“Also, write what you want to write. Sometimes when I’m writing poetry, I’ll revise so much because I’ll be like, ‘Oh, no one’s going to like that and no one’s going to understand that,’” Moore said. “Well, sometimes you just got to be like, ‘No,’ and just leave it.”

Another bit of advice he encouraged is to submit and submit frequently.

“I always submit my stuff to like New York, Philadelphia, Chicago, and I’m not going to get selected, but it’s just fun to know that a high-up editor is reading some boy’s crap from Fargo,” Moore said. “Be patient and don’t be afraid to spend a lot of time alone with just your notebook or computer. Look around you, use human conversation. Be topical.”

Advice from other student poets

Additional students with published poetry had advice and inspiration to offer fellow composers of language. Kait Moessner, a senior English major with an emphasis in writing, has had a few of her poems published in the Fine Lines literary journal based out of Omaha, Neb. Her advice is to not take rejection personally.

“When they say, ‘No,’ it’s got nothing to do with you or your dog or your common sense or your choice of entree at Olive Garden,” Moessner said. “You’re not a bad writer, they just have a swamping of submissions and yours was probably the last one to get cut. Keep trying around.”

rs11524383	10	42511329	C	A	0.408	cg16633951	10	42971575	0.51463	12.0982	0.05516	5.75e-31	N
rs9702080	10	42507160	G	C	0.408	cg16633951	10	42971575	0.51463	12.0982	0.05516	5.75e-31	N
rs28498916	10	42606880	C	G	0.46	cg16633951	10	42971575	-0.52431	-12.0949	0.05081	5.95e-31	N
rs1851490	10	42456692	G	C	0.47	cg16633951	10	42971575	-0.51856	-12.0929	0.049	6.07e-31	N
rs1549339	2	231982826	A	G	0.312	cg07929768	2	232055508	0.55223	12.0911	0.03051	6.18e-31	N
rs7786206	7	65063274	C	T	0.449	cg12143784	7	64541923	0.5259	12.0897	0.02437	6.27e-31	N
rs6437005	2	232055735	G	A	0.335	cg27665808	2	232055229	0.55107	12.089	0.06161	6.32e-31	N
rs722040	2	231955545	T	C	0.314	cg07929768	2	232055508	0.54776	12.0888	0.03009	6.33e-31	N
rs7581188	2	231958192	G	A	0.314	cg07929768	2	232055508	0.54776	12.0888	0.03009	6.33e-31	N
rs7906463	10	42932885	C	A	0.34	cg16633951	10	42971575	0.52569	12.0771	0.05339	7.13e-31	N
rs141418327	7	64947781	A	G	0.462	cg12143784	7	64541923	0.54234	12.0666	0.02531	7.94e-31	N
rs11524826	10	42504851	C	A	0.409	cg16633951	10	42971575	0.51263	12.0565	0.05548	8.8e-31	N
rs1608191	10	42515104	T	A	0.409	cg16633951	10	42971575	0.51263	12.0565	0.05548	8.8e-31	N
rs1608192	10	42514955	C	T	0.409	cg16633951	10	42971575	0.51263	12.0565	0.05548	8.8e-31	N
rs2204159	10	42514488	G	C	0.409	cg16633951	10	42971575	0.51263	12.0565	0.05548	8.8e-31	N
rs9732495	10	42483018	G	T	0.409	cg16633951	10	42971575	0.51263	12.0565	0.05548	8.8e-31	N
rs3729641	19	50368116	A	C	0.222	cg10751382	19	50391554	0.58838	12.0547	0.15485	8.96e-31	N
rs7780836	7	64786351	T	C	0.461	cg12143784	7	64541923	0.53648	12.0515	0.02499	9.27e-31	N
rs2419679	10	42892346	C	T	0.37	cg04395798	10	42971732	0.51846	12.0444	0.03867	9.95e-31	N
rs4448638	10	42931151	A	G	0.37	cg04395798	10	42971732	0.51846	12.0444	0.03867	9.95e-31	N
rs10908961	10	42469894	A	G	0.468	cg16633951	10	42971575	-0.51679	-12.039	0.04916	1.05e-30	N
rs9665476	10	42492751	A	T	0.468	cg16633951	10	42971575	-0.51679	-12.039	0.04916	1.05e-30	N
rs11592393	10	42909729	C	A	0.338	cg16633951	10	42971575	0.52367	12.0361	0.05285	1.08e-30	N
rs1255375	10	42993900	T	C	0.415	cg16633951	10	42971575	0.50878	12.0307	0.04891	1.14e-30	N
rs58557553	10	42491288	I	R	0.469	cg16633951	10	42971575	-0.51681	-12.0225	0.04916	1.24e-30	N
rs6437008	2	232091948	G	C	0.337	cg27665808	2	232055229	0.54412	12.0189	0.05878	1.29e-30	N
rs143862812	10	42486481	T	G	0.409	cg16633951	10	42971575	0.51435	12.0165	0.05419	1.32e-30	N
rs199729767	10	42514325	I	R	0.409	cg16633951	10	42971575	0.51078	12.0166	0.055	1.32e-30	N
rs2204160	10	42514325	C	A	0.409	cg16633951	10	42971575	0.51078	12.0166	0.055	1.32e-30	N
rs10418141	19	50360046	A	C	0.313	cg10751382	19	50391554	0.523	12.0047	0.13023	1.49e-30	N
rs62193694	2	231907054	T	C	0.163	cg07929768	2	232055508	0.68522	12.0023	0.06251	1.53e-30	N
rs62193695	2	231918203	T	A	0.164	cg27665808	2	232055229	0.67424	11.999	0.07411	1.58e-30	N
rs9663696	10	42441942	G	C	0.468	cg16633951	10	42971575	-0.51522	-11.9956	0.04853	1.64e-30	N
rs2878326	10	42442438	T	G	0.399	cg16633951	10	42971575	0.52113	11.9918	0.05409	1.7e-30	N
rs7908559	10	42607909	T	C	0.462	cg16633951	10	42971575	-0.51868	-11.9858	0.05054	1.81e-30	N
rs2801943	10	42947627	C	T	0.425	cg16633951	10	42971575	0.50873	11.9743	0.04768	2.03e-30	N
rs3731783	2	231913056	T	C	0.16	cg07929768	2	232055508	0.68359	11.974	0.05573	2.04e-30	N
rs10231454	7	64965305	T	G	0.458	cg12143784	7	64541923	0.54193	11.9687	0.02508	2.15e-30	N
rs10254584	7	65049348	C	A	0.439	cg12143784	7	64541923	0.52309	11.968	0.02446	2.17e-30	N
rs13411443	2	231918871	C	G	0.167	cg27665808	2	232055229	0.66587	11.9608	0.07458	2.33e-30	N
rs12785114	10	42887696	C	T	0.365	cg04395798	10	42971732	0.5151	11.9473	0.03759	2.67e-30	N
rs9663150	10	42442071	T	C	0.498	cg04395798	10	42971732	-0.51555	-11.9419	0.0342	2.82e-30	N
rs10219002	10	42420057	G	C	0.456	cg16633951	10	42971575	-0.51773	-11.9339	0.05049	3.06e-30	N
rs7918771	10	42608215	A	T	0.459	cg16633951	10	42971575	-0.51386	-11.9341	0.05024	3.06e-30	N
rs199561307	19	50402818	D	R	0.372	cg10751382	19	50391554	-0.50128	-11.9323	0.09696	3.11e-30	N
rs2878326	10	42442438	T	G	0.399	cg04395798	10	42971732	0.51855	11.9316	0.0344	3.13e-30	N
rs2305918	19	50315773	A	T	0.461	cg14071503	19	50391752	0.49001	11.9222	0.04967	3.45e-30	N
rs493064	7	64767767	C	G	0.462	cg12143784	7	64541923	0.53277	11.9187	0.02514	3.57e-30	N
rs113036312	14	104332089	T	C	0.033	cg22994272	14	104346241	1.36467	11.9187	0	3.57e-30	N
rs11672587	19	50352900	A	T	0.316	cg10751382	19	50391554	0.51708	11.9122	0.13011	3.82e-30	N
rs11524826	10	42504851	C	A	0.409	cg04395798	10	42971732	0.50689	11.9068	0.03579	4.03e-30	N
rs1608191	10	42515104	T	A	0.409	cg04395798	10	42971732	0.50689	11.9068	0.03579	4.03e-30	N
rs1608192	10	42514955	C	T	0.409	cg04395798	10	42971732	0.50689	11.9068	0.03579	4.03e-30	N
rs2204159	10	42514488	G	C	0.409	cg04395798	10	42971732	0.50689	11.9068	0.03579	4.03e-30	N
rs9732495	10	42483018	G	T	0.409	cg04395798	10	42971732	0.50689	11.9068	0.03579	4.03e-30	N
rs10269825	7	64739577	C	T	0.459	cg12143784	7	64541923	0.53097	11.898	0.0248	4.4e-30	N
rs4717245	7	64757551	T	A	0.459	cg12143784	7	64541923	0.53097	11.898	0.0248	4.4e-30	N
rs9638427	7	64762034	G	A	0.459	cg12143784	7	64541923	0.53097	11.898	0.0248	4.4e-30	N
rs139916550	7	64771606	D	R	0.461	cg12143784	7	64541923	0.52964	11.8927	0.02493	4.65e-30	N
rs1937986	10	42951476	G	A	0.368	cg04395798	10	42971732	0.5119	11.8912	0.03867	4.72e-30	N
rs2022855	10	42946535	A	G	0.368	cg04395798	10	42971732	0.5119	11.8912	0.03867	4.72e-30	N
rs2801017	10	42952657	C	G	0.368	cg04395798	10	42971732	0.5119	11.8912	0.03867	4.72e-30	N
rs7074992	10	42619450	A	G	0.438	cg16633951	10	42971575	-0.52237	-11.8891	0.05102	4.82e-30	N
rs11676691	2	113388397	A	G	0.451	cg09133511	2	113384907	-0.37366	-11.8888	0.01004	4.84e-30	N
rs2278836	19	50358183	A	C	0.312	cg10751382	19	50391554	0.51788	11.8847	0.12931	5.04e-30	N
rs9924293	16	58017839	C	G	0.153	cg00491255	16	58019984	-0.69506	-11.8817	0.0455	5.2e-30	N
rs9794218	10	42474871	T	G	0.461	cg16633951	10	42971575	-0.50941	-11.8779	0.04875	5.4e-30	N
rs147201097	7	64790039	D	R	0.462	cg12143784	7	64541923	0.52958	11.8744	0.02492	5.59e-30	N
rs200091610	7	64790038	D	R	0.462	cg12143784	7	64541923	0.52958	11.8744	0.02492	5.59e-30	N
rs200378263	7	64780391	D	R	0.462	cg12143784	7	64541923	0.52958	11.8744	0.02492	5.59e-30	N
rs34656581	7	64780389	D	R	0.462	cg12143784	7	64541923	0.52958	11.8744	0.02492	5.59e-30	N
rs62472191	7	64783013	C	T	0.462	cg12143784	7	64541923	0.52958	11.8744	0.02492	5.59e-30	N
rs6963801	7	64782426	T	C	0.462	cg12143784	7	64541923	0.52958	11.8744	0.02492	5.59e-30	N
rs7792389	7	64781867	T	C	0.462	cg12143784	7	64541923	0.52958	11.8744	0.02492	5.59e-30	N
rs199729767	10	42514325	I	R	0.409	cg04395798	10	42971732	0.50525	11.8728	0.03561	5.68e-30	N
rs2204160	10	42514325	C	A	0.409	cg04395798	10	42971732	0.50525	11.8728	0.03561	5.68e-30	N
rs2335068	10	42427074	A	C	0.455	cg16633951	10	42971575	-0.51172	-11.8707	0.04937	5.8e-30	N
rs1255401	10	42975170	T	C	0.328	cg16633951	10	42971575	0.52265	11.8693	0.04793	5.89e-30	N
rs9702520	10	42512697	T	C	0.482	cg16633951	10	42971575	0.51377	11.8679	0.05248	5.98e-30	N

One way for students to begin fulfilling their goals of getting poems published is to begin by submitting to the Yellow Bicycle, a literary journal that is published once a week and highlights MSUM student writers.

One student who has utilized the Yellow Bicycle as a means of getting her work noticed is JaNae Boswell. She has also submitted poetry to online newsletters, like
Boswell accumulates inspiration from daily experiences.

“Life – it’s so beautiful. I think about how hard it can be but how amazing it is because it’s the reason we are all here,” Boswell said. “Life is everything – love, loss, family, friends – just everything. It can be beautiful and it can be ugly, but it’s real and I love to write about it all.”

Do Moore, Moessner and Boswell, among other masters of creativity and wordplay, have a particular reason for writing poetry?

“Honestly, I don’t really have a purpose for writing poetry. It’s who I am,” Boswell said. “I’ve been a writer since I can remember. So if I had to have a purpose it would be freedom because that is what poetry is to me.”

To submit poetry or prose to The Yellow Bicycle, visit